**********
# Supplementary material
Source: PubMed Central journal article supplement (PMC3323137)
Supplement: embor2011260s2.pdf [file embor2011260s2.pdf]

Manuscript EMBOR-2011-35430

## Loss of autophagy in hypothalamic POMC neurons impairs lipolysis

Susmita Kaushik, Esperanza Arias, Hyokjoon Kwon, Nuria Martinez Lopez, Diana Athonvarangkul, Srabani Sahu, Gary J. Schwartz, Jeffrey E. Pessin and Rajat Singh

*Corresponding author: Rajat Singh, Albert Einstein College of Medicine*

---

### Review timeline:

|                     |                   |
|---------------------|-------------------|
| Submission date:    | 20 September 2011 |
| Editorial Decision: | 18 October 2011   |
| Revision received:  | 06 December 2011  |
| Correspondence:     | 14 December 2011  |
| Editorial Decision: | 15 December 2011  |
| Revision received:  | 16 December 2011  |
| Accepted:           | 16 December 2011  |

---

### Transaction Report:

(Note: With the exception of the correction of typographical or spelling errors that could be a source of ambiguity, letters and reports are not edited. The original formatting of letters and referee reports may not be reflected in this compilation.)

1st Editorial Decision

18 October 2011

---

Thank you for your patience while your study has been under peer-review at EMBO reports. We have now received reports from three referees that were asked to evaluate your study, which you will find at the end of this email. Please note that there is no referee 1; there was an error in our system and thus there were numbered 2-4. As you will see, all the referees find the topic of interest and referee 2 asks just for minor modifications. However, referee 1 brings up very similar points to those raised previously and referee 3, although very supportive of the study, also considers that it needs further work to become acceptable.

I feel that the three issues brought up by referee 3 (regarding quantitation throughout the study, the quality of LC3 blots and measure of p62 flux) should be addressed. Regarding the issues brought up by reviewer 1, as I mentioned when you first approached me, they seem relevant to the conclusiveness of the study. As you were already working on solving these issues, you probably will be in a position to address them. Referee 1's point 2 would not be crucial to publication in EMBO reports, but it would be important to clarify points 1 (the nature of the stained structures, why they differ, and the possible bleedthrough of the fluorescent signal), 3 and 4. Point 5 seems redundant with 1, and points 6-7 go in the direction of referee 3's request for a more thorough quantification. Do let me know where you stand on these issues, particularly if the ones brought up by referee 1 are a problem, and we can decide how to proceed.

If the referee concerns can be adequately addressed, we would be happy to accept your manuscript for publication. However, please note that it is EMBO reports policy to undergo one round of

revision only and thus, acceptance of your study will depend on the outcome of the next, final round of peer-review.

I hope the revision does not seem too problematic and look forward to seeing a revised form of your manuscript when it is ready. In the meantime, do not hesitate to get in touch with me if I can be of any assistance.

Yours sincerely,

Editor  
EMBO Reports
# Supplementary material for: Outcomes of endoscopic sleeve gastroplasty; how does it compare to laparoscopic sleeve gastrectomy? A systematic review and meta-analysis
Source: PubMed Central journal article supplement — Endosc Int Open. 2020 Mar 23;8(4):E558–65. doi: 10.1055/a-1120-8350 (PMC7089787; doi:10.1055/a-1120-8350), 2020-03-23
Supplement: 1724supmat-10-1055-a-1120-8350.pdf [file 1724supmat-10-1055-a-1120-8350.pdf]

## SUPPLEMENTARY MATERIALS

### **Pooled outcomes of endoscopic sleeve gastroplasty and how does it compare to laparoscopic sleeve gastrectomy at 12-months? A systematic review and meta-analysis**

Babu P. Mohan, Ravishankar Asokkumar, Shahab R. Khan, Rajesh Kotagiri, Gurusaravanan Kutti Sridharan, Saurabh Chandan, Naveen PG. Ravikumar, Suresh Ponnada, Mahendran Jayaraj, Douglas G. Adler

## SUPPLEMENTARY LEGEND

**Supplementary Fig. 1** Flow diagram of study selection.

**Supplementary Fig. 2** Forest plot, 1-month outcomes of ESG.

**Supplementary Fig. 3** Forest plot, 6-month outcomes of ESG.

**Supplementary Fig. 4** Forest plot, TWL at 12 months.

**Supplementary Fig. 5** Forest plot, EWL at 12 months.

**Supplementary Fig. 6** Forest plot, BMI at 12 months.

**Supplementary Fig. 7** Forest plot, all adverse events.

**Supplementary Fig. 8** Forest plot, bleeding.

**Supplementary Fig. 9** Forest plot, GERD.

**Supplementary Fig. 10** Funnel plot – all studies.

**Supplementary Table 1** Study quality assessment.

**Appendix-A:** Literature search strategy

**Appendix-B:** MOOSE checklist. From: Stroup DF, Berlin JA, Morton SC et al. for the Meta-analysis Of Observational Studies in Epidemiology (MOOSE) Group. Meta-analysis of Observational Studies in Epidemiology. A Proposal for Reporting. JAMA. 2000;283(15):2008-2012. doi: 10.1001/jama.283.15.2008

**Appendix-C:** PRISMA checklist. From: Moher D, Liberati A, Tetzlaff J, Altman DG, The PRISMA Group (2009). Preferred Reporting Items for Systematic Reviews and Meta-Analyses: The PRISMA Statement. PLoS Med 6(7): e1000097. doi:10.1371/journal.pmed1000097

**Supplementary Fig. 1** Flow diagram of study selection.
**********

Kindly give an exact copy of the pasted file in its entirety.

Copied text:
# Supplementary material
Source: PubMed Central journal article supplement (PMC3323137)
Supplement: embor2011260s2.pdf [file embor2011260s2.pdf]

Manuscript EMBOR-2011-35430

## Loss of autophagy in hypothalamic POMC neurons impairs lipolysis

Susmita Kaushik, Esperanza Arias, Hyokjoon Kwon, Nuria Martinez Lopez, Diana Athonvarangkul, Srabani Sahu, Gary J. Schwartz, Jeffrey E. Pessin and Rajat Singh

*Corresponding author: Rajat Singh, Albert Einstein College of Medicine*

---

### Review timeline:

|                     |                   |
|---------------------|-------------------|
| Submission date:    | 20 September 2011 |
| Editorial Decision: | 18 October 2011   |
| Revision received:  | 06 December 2011  |
| Correspondence:     | 14 December 2011  |
| Editorial Decision: | 15 December 2011  |
| Revision received:  | 16 December 2011  |
| Accepted:           | 16 December 2011  |

---

### Transaction Report:

(Note: With the exception of the correction of typographical or spelling errors that could be a source of ambiguity, letters and reports are not edited. The original formatting of letters and referee reports may not be reflected in this compilation.)

1st Editorial Decision

18 October 2011

---

Thank you for your patience while your study has been under peer-review at EMBO reports. We have now received reports from three referees that were asked to evaluate your study, which you will find at the end of this email. Please note that there is no referee 1; there was an error in our system and thus there were numbered 2-4. As you will see, all the referees find the topic of interest and referee 2 asks just for minor modifications. However, referee 1 brings up very similar points to those raised previously and referee 3, although very supportive of the study, also considers that it needs further work to become acceptable.

I feel that the three issues brought up by referee 3 (regarding quantitation throughout the study, the quality of LC3 blots and measure of p62 flux) should be addressed. Regarding the issues brought up by reviewer 1, as I mentioned when you first approached me, they seem relevant to the conclusiveness of the study. As you were already working on solving these issues, you probably will be in a position to address them. Referee 1's point 2 would not be crucial to publication in EMBO reports, but it would be important to clarify points 1 (the nature of the stained structures, why they differ, and the possible bleedthrough of the fluorescent signal), 3 and 4. Point 5 seems redundant with 1, and points 6-7 go in the direction of referee 3's request for a more thorough quantification. Do let me know where you stand on these issues, particularly if the ones brought up by referee 1 are a problem, and we can decide how to proceed.

If the referee concerns can be adequately addressed, we would be happy to accept your manuscript for publication. However, please note that it is EMBO reports policy to undergo one round of

revision only and thus, acceptance of your study will depend on the outcome of the next, final round of peer-review.

I hope the revision does not seem too problematic and look forward to seeing a revised form of your manuscript when it is ready. In the meantime, do not hesitate to get in touch with me if I can be of any assistance.

Yours sincerely,

Editor  
EMBO Reports
# Supplementary material for: Outcomes of endoscopic sleeve gastroplasty; how does it compare to laparoscopic sleeve gastrectomy? A systematic review and meta-analysis
Source: PubMed Central journal article supplement — Endosc Int Open. 2020 Mar 23;8(4):E558–65. doi: 10.1055/a-1120-8350 (PMC7089787; doi:10.1055/a-1120-8350), 2020-03-23
Supplement: 1724supmat-10-1055-a-1120-8350.pdf [file 1724supmat-10-1055-a-1120-8350.pdf]

## SUPPLEMENTARY MATERIALS

### **Pooled outcomes of endoscopic sleeve gastroplasty and how does it compare to laparoscopic sleeve gastrectomy at 12-months? A systematic review and meta-analysis**

Babu P. Mohan, Ravishankar Asokkumar, Shahab R. Khan, Rajesh Kotagiri, Gurusaravanan Kutti Sridharan, Saurabh Chandan, Naveen PG. Ravikumar, Suresh Ponnada, Mahendran Jayaraj, Douglas G. Adler

## SUPPLEMENTARY LEGEND

**Supplementary Fig. 1** Flow diagram of study selection.

**Supplementary Fig. 2** Forest plot, 1-month outcomes of ESG.

**Supplementary Fig. 3** Forest plot, 6-month outcomes of ESG.

**Supplementary Fig. 4** Forest plot, TWL at 12 months.

**Supplementary Fig. 5** Forest plot, EWL at 12 months.

**Supplementary Fig. 6** Forest plot, BMI at 12 months.

**Supplementary Fig. 7** Forest plot, all adverse events.

**Supplementary Fig. 8** Forest plot, bleeding.

**Supplementary Fig. 9** Forest plot, GERD.

**Supplementary Fig. 10** Funnel plot – all studies.

**Supplementary Table 1** Study quality assessment.

**Appendix-A:** Literature search strategy

**Appendix-B:** MOOSE checklist. From: Stroup DF, Berlin JA, Morton SC et al. for the Meta-analysis Of Observational Studies in Epidemiology (MOOSE) Group. Meta-analysis of Observational Studies in Epidemiology. A Proposal for Reporting. JAMA. 2000;283(15):2008-2012. doi: 10.1001/jama.283.15.2008

**Appendix-C:** PRISMA checklist. From: Moher D, Liberati A, Tetzlaff J, Altman DG, The PRISMA Group (2009). Preferred Reporting Items for Systematic Reviews and Meta-Analyses: The PRISMA Statement. PLoS Med 6(7): e1000097. doi:10.1371/journal.pmed1000097

**Supplementary Fig. 1** Flow diagram of study selection.